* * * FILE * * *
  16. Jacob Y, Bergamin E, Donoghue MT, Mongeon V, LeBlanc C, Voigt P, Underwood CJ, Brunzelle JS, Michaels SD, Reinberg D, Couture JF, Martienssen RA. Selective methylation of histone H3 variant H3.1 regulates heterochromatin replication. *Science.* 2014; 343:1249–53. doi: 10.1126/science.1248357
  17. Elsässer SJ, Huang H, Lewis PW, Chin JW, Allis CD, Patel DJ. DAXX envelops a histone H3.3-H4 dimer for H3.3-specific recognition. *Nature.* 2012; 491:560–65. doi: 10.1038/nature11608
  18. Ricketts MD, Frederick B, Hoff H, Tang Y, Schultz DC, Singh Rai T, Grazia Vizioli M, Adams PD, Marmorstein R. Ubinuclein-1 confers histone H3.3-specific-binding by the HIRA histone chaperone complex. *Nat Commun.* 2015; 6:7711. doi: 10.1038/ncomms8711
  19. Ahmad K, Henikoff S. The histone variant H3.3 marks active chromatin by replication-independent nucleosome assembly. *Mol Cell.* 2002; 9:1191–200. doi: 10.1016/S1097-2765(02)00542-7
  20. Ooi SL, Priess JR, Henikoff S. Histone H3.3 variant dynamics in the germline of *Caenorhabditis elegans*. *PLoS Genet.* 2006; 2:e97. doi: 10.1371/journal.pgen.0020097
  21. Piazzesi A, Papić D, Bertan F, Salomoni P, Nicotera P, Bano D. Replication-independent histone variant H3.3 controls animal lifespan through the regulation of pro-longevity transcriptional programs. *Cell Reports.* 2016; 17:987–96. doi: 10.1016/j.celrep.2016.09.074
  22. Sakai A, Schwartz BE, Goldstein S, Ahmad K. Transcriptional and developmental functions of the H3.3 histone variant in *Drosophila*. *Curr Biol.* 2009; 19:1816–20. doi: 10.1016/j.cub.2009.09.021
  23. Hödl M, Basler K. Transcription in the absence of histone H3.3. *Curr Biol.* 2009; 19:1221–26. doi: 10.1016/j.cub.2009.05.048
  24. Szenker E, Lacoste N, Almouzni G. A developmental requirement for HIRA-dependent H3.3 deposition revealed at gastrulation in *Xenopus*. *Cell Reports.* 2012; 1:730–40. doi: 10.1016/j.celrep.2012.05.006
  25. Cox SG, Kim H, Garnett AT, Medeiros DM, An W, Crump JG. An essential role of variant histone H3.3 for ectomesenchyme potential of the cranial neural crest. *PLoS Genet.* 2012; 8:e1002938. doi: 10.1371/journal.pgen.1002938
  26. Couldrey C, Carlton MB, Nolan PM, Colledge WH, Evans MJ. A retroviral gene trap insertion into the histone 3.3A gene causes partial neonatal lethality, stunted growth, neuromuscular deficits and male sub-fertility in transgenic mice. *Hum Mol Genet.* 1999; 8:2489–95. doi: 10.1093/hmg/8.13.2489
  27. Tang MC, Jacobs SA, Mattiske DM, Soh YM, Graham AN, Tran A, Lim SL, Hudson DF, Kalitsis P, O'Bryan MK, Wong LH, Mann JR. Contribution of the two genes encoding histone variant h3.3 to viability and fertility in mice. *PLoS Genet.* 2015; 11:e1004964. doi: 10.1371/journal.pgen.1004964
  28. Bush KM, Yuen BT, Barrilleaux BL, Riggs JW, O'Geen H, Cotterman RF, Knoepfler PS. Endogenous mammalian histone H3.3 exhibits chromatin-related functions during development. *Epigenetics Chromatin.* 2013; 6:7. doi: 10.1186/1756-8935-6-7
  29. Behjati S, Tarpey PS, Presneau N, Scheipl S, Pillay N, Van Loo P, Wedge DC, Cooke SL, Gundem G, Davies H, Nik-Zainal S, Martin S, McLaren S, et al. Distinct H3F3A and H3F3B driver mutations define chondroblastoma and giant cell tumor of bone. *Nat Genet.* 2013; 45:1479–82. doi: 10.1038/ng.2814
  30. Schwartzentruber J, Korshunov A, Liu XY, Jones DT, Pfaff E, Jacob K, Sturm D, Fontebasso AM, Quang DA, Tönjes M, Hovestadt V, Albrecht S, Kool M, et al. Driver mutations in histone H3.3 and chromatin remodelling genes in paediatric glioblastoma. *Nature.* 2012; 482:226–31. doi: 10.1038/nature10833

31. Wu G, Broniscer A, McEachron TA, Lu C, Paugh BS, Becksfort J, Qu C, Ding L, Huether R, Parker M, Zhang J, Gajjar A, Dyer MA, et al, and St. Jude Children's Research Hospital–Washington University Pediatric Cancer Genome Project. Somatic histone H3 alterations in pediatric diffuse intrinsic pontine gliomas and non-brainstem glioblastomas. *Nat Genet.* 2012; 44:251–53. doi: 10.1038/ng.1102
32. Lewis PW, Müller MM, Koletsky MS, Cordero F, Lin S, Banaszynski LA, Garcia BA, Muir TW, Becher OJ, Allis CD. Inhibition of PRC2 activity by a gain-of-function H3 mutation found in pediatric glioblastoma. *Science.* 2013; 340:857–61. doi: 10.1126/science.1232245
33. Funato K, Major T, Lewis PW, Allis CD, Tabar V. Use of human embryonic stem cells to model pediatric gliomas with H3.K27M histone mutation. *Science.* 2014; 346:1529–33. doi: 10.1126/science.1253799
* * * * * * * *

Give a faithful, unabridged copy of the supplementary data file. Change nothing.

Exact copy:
  16. Jacob Y, Bergamin E, Donoghue MT, Mongeon V, LeBlanc C, Voigt P, Underwood CJ, Brunzelle JS, Michaels SD, Reinberg D, Couture JF, Martienssen RA. Selective methylation of histone H3 variant H3.1 regulates heterochromatin replication. *Science.* 2014; 343:1249–53. doi: 10.1126/science.1248357
  17. Elsässer SJ, Huang H, Lewis PW, Chin JW, Allis CD, Patel DJ. DAXX envelops a histone H3.3-H4 dimer for H3.3-specific recognition. *Nature.* 2012; 491:560–65. doi: 10.1038/nature11608
  18. Ricketts MD, Frederick B, Hoff H, Tang Y, Schultz DC, Singh Rai T, Grazia Vizioli M, Adams PD, Marmorstein R. Ubinuclein-1 confers histone H3.3-specific-binding by the HIRA histone chaperone complex. *Nat Commun.* 2015; 6:7711. doi: 10.1038/ncomms8711
  19. Ahmad K, Henikoff S. The histone variant H3.3 marks active chromatin by replication-independent nucleosome assembly. *Mol Cell.* 2002; 9:1191–200. doi: 10.1016/S1097-2765(02)00542-7
  20. Ooi SL, Priess JR, Henikoff S. Histone H3.3 variant dynamics in the germline of *Caenorhabditis elegans*. *PLoS Genet.* 2006; 2:e97. doi: 10.1371/journal.pgen.0020097
  21. Piazzesi A, Papić D, Bertan F, Salomoni P, Nicotera P, Bano D. Replication-independent histone variant H3.3 controls animal lifespan through the regulation of pro-longevity transcriptional programs. *Cell Reports.* 2016; 17:987–96. doi: 10.1016/j.celrep.2016.09.074
  22. Sakai A, Schwartz BE, Goldstein S, Ahmad K. Transcriptional and developmental functions of the H3.3 histone variant in *Drosophila*. *Curr Biol.* 2009; 19:1816–20. doi: 10.1016/j.cub.2009.09.021
  23. Hödl M, Basler K. Transcription in the absence of histone H3.3. *Curr Biol.* 2009; 19:1221–26. doi: 10.1016/j.cub.2009.05.048
  24. Szenker E, Lacoste N, Almouzni G. A developmental requirement for HIRA-dependent H3.3 deposition revealed at gastrulation in *Xenopus*. *Cell Reports.* 2012; 1:730–40. doi: 10.1016/j.celrep.2012.05.006
  25. Cox SG, Kim H, Garnett AT, Medeiros DM, An W, Crump JG. An essential role of variant histone H3.3 for ectomesenchyme potential of the cranial neural crest. *PLoS Genet.* 2012; 8:e1002938. doi: 10.1371/journal.pgen.1002938
  26. Couldrey C, Carlton MB, Nolan PM, Colledge WH, Evans MJ. A retroviral gene trap insertion into the histone 3.3A gene causes partial neonatal lethality, stunted growth, neuromuscular deficits and male sub-fertility in transgenic mice. *Hum Mol Genet.* 1999; 8:2489–95. doi: 10.1093/hmg/8.13.2489
  27. Tang MC, Jacobs SA, Mattiske DM, Soh YM, Graham AN, Tran A, Lim SL, Hudson DF, Kalitsis P, O'Bryan MK, Wong LH, Mann JR. Contribution of the two genes encoding histone variant h3.3 to viability and fertility in mice. *PLoS Genet.* 2015; 11:e1004964. doi: 10.1371/journal.pgen.1004964
  28. Bush KM, Yuen BT, Barrilleaux BL, Riggs JW, O'Geen H, Cotterman RF, Knoepfler PS. Endogenous mammalian histone H3.3 exhibits chromatin-related functions during development. *Epigenetics Chromatin.* 2013; 6:7. doi: 10.1186/1756-8935-6-7
  29. Behjati S, Tarpey PS, Presneau N, Scheipl S, Pillay N, Van Loo P, Wedge DC, Cooke SL, Gundem G, Davies H, Nik-Zainal S, Martin S, McLaren S, et al. Distinct H3F3A and H3F3B driver mutations define chondroblastoma and giant cell tumor of bone. *Nat Genet.* 2013; 45:1479–82. doi: 10.1038/ng.2814
  30. Schwartzentruber J, Korshunov A, Liu XY, Jones DT, Pfaff E, Jacob K, Sturm D, Fontebasso AM, Quang DA, Tönjes M, Hovestadt V, Albrecht S, Kool M, et al. Driver mutations in histone H3.3 and chromatin remodelling genes in paediatric glioblastoma. *Nature.* 2012; 482:226–31. doi: 10.1038/nature10833

31. Wu G, Broniscer A, McEachron TA, Lu C, Paugh BS, Becksfort J, Qu C, Ding L, Huether R, Parker M, Zhang J, Gajjar A, Dyer MA, et al, and St. Jude Children's Research Hospital–Washington University Pediatric Cancer Genome Project. Somatic histone H3 alterations in pediatric diffuse intrinsic pontine gliomas and non-brainstem glioblastomas. *Nat Genet.* 2012; 44:251–53. doi: 10.1038/ng.1102
32. Lewis PW, Müller MM, Koletsky MS, Cordero F, Lin S, Banaszynski LA, Garcia BA, Muir TW, Becher OJ, Allis CD. Inhibition of PRC2 activity by a gain-of-function H3 mutation found in pediatric glioblastoma. *Science.* 2013; 340:857–61. doi: 10.1126/science.1232245
33. Funato K, Major T, Lewis PW, Allis CD, Tabar V. Use of human embryonic stem cells to model pediatric gliomas with H3.K27M histone mutation. *Science.* 2014; 346:1529–33. doi: 10.1126/science.1253799